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Message 48196 - Posted: 15 Nov 2017 | 23:53:33 UTC - in response to Message 48193.

And seeing what zoltan has said makes me wonder if my PSU is even good in the first place. My gpu max power is 170 watts and my psu is a corsair cx 600m (600 watts), and recently turned 2 years old.
If it's the i5-2400 / 12GB / GTX 670 then the Corsair CX600M should be good enough. There are better PSUs around, but you don't need to worry.

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Message 48202 - Posted: 17 Nov 2017 | 4:32:06 UTC - in response to Message 48194.

My oldest PC with which I am crunching GPUGRID is a Fujitsu Esprimo with an Intel Core(2)Duo E7400 @ 2.8GHz inside.
Bought it around 8-9 years ago. When I started GPUGRID on this PC, I put in a GTX750Ti - crunching GPUGRID with WindowsXP works perfectly !



With windows xp on that GPU, how many hours does it take you to complete a task? Curious because I might buy another pc, but I don't think a core 2 duo would be good for me because of the pci being really old, unless I am wrong.
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Message 48203 - Posted: 17 Nov 2017 | 10:32:12 UTC - in response to Message 48202.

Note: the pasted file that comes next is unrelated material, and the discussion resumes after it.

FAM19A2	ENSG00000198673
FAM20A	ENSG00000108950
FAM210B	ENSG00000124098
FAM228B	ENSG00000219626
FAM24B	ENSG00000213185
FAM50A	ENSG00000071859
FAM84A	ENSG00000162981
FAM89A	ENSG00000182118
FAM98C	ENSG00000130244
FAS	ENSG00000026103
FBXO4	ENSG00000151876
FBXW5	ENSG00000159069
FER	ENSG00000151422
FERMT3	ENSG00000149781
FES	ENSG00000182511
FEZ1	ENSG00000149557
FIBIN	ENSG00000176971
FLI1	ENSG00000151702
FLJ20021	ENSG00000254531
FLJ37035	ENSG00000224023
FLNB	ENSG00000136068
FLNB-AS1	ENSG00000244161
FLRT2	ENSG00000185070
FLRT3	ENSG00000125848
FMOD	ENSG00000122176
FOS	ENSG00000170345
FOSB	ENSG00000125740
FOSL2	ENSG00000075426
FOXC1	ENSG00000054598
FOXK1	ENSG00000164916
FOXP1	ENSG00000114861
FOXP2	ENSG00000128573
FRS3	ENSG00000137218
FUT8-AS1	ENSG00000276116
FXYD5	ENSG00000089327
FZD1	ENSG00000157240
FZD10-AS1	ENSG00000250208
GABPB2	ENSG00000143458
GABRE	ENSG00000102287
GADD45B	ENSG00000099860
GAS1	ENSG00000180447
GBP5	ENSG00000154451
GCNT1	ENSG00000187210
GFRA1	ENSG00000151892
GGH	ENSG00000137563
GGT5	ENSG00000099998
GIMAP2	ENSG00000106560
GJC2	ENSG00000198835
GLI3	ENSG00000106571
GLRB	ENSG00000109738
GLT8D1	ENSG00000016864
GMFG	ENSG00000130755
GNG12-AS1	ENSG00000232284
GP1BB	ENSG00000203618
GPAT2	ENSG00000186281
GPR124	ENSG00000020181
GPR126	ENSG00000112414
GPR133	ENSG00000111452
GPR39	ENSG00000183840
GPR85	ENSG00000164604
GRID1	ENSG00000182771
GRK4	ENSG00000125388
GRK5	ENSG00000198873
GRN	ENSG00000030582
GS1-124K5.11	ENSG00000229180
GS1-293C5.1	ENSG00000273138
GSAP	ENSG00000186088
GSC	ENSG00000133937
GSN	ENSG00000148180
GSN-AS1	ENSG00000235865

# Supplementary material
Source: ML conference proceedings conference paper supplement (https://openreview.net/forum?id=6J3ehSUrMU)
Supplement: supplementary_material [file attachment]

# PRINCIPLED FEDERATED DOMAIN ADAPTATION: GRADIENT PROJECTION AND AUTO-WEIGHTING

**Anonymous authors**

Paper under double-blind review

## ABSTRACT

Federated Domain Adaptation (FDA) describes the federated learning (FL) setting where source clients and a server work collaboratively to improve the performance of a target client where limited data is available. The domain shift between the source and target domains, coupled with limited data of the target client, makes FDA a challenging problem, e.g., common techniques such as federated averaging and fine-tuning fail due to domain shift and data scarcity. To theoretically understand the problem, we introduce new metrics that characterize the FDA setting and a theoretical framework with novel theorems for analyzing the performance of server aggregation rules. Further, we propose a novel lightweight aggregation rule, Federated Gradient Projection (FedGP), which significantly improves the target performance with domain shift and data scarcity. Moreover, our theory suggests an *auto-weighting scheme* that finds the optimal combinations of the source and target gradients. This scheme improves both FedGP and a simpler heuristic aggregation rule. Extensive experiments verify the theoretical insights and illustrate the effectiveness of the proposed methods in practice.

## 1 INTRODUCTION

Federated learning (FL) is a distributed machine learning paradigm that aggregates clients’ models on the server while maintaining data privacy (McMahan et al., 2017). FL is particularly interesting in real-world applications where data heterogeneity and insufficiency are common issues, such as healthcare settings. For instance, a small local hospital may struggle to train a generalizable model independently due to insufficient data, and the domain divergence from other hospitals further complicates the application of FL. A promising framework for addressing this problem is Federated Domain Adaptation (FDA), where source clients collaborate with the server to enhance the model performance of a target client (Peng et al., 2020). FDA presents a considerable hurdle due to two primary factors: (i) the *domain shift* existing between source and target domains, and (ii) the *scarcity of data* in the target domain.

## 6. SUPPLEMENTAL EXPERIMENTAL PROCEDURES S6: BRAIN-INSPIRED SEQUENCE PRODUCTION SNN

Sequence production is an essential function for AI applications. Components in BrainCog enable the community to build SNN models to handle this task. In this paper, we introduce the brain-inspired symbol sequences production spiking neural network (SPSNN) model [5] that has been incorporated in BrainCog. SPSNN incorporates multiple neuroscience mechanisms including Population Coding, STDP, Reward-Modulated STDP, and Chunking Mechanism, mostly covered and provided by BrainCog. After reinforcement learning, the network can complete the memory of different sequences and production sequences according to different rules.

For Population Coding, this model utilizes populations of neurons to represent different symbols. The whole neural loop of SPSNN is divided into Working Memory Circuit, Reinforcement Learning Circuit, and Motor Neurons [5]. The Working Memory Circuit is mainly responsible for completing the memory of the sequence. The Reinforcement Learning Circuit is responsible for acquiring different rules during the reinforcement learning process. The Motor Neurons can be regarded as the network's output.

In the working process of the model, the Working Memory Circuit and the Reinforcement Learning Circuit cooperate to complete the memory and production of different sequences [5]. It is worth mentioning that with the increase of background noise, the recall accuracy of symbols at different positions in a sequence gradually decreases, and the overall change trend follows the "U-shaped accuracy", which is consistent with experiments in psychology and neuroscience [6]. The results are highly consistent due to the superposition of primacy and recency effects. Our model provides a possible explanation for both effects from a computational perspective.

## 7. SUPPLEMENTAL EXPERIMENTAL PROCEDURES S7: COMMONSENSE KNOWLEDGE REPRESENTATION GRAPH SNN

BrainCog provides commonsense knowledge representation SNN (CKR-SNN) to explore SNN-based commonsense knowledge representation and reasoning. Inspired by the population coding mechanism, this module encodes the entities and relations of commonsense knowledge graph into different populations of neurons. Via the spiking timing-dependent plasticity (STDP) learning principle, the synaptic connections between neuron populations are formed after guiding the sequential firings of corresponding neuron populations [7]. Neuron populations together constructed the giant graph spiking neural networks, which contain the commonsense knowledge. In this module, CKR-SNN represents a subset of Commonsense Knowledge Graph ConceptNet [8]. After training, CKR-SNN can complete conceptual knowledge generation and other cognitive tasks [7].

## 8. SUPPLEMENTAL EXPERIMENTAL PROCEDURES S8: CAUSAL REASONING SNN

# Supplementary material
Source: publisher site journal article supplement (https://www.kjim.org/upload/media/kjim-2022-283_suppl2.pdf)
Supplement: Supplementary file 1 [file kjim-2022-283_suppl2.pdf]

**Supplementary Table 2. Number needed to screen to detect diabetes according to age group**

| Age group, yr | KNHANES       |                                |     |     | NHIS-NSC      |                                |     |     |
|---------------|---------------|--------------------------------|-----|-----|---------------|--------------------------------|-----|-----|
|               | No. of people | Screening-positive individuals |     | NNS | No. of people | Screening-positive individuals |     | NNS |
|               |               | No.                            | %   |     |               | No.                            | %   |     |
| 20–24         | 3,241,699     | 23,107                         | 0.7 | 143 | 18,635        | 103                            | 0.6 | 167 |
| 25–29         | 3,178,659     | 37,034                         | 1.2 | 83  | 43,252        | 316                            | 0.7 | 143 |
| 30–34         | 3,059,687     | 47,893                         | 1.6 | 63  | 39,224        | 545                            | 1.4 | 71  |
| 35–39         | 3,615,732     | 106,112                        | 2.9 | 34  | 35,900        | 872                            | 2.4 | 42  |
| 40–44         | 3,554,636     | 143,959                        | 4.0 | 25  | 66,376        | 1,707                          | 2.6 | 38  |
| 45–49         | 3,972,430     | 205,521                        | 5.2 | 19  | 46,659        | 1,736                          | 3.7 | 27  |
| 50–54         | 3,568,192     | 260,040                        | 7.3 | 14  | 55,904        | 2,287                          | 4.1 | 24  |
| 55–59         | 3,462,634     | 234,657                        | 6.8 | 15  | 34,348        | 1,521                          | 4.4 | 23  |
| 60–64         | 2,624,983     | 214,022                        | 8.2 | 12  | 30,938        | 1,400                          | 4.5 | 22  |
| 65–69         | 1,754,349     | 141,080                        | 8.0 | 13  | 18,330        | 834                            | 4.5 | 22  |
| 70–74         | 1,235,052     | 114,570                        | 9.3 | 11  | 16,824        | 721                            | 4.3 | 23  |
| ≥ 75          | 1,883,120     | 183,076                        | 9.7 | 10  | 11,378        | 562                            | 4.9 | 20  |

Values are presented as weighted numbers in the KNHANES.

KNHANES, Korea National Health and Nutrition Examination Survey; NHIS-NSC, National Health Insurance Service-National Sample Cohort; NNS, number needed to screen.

Curious because I might buy another pc, but I don't think a core 2 duo would be good for me because of the pci being really old, unless I am wrong.


Do you intend to replace your current system with a new … or buy a second one? Frankly it’s the GPU in your current system which is the bottleneck … as the Sandy Bridge i5-2400 CPU is fast enough to feed a 1060 or even 1070 Nvidia, so you don’t need to replace it.

If it's the i5-2400 / 12GB / GTX 670 then the Corsair CX600M should be good enough. There are better PSUs around, but you don't need to worry.


Yes, as Zoltan wrote, the 600W PSU is fine anyway, even for Upgrades, as your gtx670 already draws 170W TDP, almost as much as a non-OC gtx1080.

If you want to upgrade for GPUGRID crunching, I would propose the following … get a gtx 1060 (~70% more speed but 50W less power consumption) or 1070 (depends on your funds). And in case there are still 30-40€ left then, you may want to upgrade your i5-2500 by an i5-3570 (same socket 1155, but may require a BIOS update). That doesn’t make much a difference in speed but reduces the heat and power consumption by another 20W. Ivy Bridge is a Sandy Bridge shrink, that's why.